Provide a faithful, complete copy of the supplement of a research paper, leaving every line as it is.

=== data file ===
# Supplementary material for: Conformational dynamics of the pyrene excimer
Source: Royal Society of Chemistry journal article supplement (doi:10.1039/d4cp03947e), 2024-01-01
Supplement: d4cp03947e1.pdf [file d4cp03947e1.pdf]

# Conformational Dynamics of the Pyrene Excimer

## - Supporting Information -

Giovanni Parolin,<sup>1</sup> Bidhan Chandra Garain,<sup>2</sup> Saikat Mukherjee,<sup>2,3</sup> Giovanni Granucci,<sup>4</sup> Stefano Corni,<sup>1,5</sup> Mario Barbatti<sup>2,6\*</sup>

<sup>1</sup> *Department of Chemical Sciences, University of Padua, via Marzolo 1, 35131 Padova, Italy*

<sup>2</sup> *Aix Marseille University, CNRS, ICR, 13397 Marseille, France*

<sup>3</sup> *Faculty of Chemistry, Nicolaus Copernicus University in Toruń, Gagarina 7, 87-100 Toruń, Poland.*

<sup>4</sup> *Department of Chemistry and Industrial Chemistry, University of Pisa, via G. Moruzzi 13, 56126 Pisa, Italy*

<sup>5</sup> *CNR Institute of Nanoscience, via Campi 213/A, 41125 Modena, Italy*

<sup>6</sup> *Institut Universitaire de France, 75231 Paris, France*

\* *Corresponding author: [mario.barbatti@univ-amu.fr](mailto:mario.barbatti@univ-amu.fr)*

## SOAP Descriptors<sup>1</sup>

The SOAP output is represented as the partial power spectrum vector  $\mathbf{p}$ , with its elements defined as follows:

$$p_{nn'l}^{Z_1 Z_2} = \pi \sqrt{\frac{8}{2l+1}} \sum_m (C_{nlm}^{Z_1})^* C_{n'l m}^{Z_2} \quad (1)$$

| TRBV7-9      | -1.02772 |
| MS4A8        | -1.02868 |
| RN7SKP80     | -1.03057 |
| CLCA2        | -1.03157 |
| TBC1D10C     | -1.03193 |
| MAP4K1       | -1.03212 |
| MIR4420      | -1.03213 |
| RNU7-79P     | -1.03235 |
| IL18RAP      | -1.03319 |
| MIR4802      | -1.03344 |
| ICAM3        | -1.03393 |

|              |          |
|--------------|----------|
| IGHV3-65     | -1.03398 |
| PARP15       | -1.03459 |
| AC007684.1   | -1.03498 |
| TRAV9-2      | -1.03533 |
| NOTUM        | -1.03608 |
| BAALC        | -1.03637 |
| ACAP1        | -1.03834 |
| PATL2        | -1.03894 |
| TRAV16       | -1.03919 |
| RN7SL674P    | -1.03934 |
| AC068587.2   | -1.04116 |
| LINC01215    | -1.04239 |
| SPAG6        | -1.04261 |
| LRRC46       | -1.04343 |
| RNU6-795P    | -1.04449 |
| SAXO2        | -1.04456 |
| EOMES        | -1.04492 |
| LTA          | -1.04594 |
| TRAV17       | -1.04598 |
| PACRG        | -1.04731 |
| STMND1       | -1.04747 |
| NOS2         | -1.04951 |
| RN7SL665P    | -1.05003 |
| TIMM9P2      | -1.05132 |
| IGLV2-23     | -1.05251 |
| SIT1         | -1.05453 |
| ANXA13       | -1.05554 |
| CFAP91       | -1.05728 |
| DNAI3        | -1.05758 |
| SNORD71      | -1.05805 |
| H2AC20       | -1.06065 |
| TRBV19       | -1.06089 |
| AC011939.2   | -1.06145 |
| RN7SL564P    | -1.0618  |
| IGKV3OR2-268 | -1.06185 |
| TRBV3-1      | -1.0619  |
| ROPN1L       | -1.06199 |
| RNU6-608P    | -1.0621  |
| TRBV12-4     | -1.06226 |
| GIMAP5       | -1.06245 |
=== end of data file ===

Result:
# Supplementary material for: Conformational dynamics of the pyrene excimer
Source: Royal Society of Chemistry journal article supplement (doi:10.1039/d4cp03947e), 2024-01-01
Supplement: d4cp03947e1.pdf [file d4cp03947e1.pdf]

# Conformational Dynamics of the Pyrene Excimer

## - Supporting Information -

Giovanni Parolin,<sup>1</sup> Bidhan Chandra Garain,<sup>2</sup> Saikat Mukherjee,<sup>2,3</sup> Giovanni Granucci,<sup>4</sup> Stefano Corni,<sup>1,5</sup> Mario Barbatti<sup>2,6\*</sup>

<sup>1</sup> *Department of Chemical Sciences, University of Padua, via Marzolo 1, 35131 Padova, Italy*

<sup>2</sup> *Aix Marseille University, CNRS, ICR, 13397 Marseille, France*

<sup>3</sup> *Faculty of Chemistry, Nicolaus Copernicus University in Toruń, Gagarina 7, 87-100 Toruń, Poland.*

<sup>4</sup> *Department of Chemistry and Industrial Chemistry, University of Pisa, via G. Moruzzi 13, 56126 Pisa, Italy*

<sup>5</sup> *CNR Institute of Nanoscience, via Campi 213/A, 41125 Modena, Italy*

<sup>6</sup> *Institut Universitaire de France, 75231 Paris, France*

\* *Corresponding author: [mario.barbatti@univ-amu.fr](mailto:mario.barbatti@univ-amu.fr)*

## SOAP Descriptors<sup>1</sup>

The SOAP output is represented as the partial power spectrum vector  $\mathbf{p}$ , with its elements defined as follows:

$$p_{nn'l}^{Z_1 Z_2} = \pi \sqrt{\frac{8}{2l+1}} \sum_m (C_{nlm}^{Z_1})^* C_{n'l m}^{Z_2} \quad (1)$$

| TRBV7-9      | -1.02772 |
| MS4A8        | -1.02868 |
| RN7SKP80     | -1.03057 |
| CLCA2        | -1.03157 |
| TBC1D10C     | -1.03193 |
| MAP4K1       | -1.03212 |
| MIR4420      | -1.03213 |
| RNU7-79P     | -1.03235 |
| IL18RAP      | -1.03319 |
| MIR4802      | -1.03344 |
| ICAM3        | -1.03393 |

|              |          |
|--------------|----------|
| IGHV3-65     | -1.03398 |
| PARP15       | -1.03459 |
| AC007684.1   | -1.03498 |
| TRAV9-2      | -1.03533 |
| NOTUM        | -1.03608 |
| BAALC        | -1.03637 |
| ACAP1        | -1.03834 |
| PATL2        | -1.03894 |
| TRAV16       | -1.03919 |
| RN7SL674P    | -1.03934 |
| AC068587.2   | -1.04116 |
| LINC01215    | -1.04239 |
| SPAG6        | -1.04261 |
| LRRC46       | -1.04343 |
| RNU6-795P    | -1.04449 |
| SAXO2        | -1.04456 |
| EOMES        | -1.04492 |
| LTA          | -1.04594 |
| TRAV17       | -1.04598 |
| PACRG        | -1.04731 |
| STMND1       | -1.04747 |
| NOS2         | -1.04951 |
| RN7SL665P    | -1.05003 |
| TIMM9P2      | -1.05132 |
| IGLV2-23     | -1.05251 |
| SIT1         | -1.05453 |
| ANXA13       | -1.05554 |
| CFAP91       | -1.05728 |
| DNAI3        | -1.05758 |
| SNORD71      | -1.05805 |
| H2AC20       | -1.06065 |
| TRBV19       | -1.06089 |
| AC011939.2   | -1.06145 |
| RN7SL564P    | -1.0618  |
| IGKV3OR2-268 | -1.06185 |
| TRBV3-1      | -1.0619  |
| ROPN1L       | -1.06199 |
| RNU6-608P    | -1.0621  |
| TRBV12-4     | -1.06226 |
| GIMAP5       | -1.06245 |